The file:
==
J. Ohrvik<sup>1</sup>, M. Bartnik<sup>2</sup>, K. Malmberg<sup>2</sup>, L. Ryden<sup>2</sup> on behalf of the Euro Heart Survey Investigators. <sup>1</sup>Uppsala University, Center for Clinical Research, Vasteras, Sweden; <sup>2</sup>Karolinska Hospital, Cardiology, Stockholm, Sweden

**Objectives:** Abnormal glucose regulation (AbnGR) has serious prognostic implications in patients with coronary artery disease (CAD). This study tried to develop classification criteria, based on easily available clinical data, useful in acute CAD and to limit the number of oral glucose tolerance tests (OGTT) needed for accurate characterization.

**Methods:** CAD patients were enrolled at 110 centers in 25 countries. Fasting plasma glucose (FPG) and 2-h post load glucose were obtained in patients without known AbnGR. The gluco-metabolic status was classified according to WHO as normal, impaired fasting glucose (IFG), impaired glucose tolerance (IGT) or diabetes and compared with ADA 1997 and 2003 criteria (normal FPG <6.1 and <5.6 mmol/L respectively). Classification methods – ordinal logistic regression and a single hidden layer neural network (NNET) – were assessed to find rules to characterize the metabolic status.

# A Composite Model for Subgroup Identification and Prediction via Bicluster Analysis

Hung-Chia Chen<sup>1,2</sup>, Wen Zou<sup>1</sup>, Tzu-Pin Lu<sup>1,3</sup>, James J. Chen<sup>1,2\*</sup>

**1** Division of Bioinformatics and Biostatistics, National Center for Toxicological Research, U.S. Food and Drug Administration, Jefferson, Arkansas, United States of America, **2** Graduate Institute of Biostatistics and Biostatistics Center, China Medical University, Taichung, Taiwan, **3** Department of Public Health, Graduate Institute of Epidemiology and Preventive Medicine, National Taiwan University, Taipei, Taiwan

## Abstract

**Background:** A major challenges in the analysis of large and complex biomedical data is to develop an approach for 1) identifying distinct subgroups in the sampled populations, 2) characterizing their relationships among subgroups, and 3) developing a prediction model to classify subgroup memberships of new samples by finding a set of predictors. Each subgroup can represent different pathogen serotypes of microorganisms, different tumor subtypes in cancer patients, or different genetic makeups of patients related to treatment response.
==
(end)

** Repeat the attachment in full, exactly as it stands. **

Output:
J. Ohrvik<sup>1</sup>, M. Bartnik<sup>2</sup>, K. Malmberg<sup>2</sup>, L. Ryden<sup>2</sup> on behalf of the Euro Heart Survey Investigators. <sup>1</sup>Uppsala University, Center for Clinical Research, Vasteras, Sweden; <sup>2</sup>Karolinska Hospital, Cardiology, Stockholm, Sweden

**Objectives:** Abnormal glucose regulation (AbnGR) has serious prognostic implications in patients with coronary artery disease (CAD). This study tried to develop classification criteria, based on easily available clinical data, useful in acute CAD and to limit the number of oral glucose tolerance tests (OGTT) needed for accurate characterization.

**Methods:** CAD patients were enrolled at 110 centers in 25 countries. Fasting plasma glucose (FPG) and 2-h post load glucose were obtained in patients without known AbnGR. The gluco-metabolic status was classified according to WHO as normal, impaired fasting glucose (IFG), impaired glucose tolerance (IGT) or diabetes and compared with ADA 1997 and 2003 criteria (normal FPG <6.1 and <5.6 mmol/L respectively). Classification methods – ordinal logistic regression and a single hidden layer neural network (NNET) – were assessed to find rules to characterize the metabolic status.

# A Composite Model for Subgroup Identification and Prediction via Bicluster Analysis

Hung-Chia Chen<sup>1,2</sup>, Wen Zou<sup>1</sup>, Tzu-Pin Lu<sup>1,3</sup>, James J. Chen<sup>1,2\*</sup>

**1** Division of Bioinformatics and Biostatistics, National Center for Toxicological Research, U.S. Food and Drug Administration, Jefferson, Arkansas, United States of America, **2** Graduate Institute of Biostatistics and Biostatistics Center, China Medical University, Taichung, Taiwan, **3** Department of Public Health, Graduate Institute of Epidemiology and Preventive Medicine, National Taiwan University, Taipei, Taiwan

## Abstract

**Background:** A major challenges in the analysis of large and complex biomedical data is to develop an approach for 1) identifying distinct subgroups in the sampled populations, 2) characterizing their relationships among subgroups, and 3) developing a prediction model to classify subgroup memberships of new samples by finding a set of predictors. Each subgroup can represent different pathogen serotypes of microorganisms, different tumor subtypes in cancer patients, or different genetic makeups of patients related to treatment response.